Chronic Lymphocytic Leukemia (CLL): Diagnosis 

How is chronic lymphocytic leukemia (CLL) diagnosed?

If your healthcare provider thinks you might have CLL, you will need certain exams and tests to make sure. Your healthcare provider will ask you about your health history, your symptoms, risk factors, and family history of disease. Your healthcare provider will also give you a physical exam.

What tests might I need?

You may have 1 or more of these tests:

  • Blood tests.  CLL is often found with blood tests before a person has symptoms. Tests can look at the numbers of each type of blood cell. People with CLL often have way too many white blood cells (WBCs). Details can show which kind of WBC is increased. It's usually lymphocytes.

  • Bone marrow aspiration or biopsy. This procedure is done by taking out a small amount of bone marrow (aspiration) and/or solid bone marrow tissue (core biopsy). The sample is taken from the back of the hip (pelvic) bone. For the bone marrow aspiration, the skin over the hip is numbed. A long, hollow needle is pushed into the pelvic bone. A syringe is used to pull out a small amount of liquid bone marrow. You may have some brief pain when the marrow is removed. A bone marrow biopsy is usually done just after the aspiration. A slightly bigger needle is used to take out a small core of bone and marrow. This may also cause some brief pain. The fluid and bone marrow are sent to a lab and tested for the number, size, and maturity of the blood cells and checked for abnormal cells. Other tests can also be done on these cells but they're not usually needed to diagnose CLL. 

How blood or bone marrow is tested

Tests can be done on blood (or less often, bone marrow) samples to diagnose CLL and help get an idea of how quickly it's likely to grow. The tests include:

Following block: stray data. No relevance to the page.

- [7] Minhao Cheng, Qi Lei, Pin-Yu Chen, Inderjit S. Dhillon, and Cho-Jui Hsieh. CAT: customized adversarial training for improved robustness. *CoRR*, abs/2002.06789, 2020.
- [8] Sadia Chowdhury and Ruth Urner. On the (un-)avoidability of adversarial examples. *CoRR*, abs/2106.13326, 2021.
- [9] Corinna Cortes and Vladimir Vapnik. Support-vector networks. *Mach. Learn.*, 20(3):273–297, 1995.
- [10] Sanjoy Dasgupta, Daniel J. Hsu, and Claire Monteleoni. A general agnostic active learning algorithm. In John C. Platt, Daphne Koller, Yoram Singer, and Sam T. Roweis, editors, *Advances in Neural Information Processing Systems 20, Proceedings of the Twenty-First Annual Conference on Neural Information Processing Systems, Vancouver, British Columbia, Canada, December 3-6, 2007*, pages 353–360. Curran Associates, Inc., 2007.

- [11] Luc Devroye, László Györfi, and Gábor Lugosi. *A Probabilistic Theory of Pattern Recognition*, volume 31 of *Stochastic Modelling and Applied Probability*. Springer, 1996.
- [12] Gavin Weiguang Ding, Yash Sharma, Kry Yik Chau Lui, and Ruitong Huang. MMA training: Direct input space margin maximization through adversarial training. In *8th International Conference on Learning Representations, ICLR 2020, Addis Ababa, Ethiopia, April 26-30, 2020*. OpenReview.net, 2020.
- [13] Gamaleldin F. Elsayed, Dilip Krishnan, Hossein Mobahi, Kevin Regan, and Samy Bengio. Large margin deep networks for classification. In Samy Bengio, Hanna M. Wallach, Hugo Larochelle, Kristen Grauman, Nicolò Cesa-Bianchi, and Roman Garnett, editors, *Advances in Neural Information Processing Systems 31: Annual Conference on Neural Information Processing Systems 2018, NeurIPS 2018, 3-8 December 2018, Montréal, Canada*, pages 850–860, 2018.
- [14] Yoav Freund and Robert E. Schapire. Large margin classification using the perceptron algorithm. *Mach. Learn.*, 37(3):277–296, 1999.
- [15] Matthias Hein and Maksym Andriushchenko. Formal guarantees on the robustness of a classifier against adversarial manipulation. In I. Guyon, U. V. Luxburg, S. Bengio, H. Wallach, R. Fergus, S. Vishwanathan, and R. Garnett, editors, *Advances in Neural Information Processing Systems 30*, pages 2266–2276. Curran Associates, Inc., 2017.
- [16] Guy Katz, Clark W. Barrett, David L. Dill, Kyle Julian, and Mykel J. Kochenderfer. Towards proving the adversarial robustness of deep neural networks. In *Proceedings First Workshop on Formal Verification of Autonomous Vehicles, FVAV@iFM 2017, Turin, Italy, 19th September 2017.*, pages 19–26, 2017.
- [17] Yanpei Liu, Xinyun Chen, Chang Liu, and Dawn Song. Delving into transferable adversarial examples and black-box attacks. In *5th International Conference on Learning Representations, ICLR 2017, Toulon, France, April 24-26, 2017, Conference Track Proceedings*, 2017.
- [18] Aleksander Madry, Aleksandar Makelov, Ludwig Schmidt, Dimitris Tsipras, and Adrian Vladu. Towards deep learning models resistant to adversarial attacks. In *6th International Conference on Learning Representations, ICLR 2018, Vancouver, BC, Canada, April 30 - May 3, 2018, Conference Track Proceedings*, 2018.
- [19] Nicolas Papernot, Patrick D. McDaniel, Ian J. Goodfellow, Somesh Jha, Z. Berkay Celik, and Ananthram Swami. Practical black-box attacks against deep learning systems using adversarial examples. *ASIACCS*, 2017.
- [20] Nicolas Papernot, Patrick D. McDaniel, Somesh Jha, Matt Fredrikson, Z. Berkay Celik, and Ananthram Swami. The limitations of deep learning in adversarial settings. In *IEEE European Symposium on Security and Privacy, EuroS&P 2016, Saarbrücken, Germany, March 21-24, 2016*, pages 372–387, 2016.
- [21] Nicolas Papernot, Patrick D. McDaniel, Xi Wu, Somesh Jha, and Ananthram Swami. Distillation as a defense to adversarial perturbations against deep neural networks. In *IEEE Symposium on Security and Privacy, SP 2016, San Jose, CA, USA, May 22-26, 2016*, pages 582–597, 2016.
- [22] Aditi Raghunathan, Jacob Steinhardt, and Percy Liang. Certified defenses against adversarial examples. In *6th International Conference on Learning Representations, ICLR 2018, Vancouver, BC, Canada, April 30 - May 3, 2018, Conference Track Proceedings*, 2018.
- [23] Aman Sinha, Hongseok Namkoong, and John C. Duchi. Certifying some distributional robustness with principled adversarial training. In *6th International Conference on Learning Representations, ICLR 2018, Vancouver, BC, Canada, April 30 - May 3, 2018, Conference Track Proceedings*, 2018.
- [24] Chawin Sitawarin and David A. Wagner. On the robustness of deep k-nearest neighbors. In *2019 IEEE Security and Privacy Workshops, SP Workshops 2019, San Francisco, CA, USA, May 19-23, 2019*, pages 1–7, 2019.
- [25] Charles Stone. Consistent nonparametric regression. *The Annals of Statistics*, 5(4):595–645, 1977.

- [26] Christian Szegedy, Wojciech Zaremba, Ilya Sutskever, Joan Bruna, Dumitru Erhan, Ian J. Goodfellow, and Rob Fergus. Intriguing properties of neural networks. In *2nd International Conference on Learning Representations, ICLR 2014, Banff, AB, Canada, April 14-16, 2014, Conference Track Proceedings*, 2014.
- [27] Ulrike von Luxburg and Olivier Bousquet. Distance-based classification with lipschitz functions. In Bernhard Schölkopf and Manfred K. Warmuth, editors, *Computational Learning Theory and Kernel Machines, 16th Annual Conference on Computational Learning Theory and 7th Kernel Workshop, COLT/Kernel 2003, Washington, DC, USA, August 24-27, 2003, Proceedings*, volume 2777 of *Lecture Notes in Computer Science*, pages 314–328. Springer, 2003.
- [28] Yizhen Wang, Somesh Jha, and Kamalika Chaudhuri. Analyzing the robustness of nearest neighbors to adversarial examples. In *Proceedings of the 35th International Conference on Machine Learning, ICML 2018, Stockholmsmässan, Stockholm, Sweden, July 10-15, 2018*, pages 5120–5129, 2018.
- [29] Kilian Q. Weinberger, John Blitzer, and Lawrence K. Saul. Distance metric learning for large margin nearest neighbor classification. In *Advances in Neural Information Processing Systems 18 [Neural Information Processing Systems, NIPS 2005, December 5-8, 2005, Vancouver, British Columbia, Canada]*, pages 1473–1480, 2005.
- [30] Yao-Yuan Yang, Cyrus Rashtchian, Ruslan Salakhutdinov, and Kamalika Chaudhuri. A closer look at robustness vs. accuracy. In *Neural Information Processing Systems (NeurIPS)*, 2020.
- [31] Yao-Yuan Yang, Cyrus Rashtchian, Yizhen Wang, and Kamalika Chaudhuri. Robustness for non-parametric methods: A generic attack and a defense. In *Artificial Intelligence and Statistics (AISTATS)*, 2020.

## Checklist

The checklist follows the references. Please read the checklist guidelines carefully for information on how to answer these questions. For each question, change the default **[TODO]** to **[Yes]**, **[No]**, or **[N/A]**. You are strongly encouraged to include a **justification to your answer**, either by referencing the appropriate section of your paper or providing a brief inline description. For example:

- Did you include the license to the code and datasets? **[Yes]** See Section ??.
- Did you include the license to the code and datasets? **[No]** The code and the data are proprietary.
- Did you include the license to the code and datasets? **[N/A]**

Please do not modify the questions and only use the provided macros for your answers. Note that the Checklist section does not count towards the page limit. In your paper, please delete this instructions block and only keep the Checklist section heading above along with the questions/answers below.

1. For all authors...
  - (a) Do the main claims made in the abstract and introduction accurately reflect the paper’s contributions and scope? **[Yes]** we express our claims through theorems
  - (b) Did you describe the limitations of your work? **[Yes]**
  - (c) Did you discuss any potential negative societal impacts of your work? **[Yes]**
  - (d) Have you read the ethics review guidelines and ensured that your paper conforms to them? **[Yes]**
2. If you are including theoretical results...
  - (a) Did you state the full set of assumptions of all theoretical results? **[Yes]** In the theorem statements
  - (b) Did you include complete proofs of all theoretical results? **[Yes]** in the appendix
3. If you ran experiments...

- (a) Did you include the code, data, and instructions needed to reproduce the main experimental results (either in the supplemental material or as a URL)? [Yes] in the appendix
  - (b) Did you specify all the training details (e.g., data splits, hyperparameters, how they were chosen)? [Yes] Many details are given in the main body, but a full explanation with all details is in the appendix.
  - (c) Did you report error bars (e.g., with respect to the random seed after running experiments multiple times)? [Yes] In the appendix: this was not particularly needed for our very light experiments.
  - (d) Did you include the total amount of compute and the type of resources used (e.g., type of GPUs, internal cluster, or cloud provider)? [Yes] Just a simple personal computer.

• Flow cytometry and immunohistochemistry.  These tests use chemicals and dyes to look for certain proteins on the surface of the leukemia cells. This is called immunophenotyping.

  • Cytogenetics. These tests look for changes in the chromosomes of cells. It can be done on samples of blood, bone marrow, or lymph nodes. For instance, in CLL, part of a chromosome may be missing or there may be extra copies of a chromosome. This test usually takes a few weeks because the cells need time to be grown in the lab.

  • Fluorescent in situ hybridization (FISH). This test uses special fluorescent dyes that only attach to certain parts of chromosomes. It can be used to look for certain changes in genes and chromosomes that are found in CLL cells from blood or bone marrow samples. The FISH test is very accurate and gives results more quickly than standard cytogenetic tests.

Getting your test results

When the results of your tests are in, your healthcare provider will contact you to discuss them. He or she will also talk with you about other tests you may need if CLL is found. Make sure you understand the results of your tests and what follow-up you need.

News & Publications

Quantity and Characteristics of Waste at a Level I Trauma Center

The purpose of this study was to quantify and describe the amount of waste generated by an Emergency Department, identify deviations from waste policy and explore areas for waste reduction.

The Climate-Smart Emergency Department: A Primer

Our publication keeps health care professionals up to date on the latest research and clinical advances from Mass General.

Research Institute Blog

News and notes from the largest hospital-based research program in the United States


A podcast devoted to uncovering the stories of Mass General's relentless pursuit to break boundaries and provide exceptional care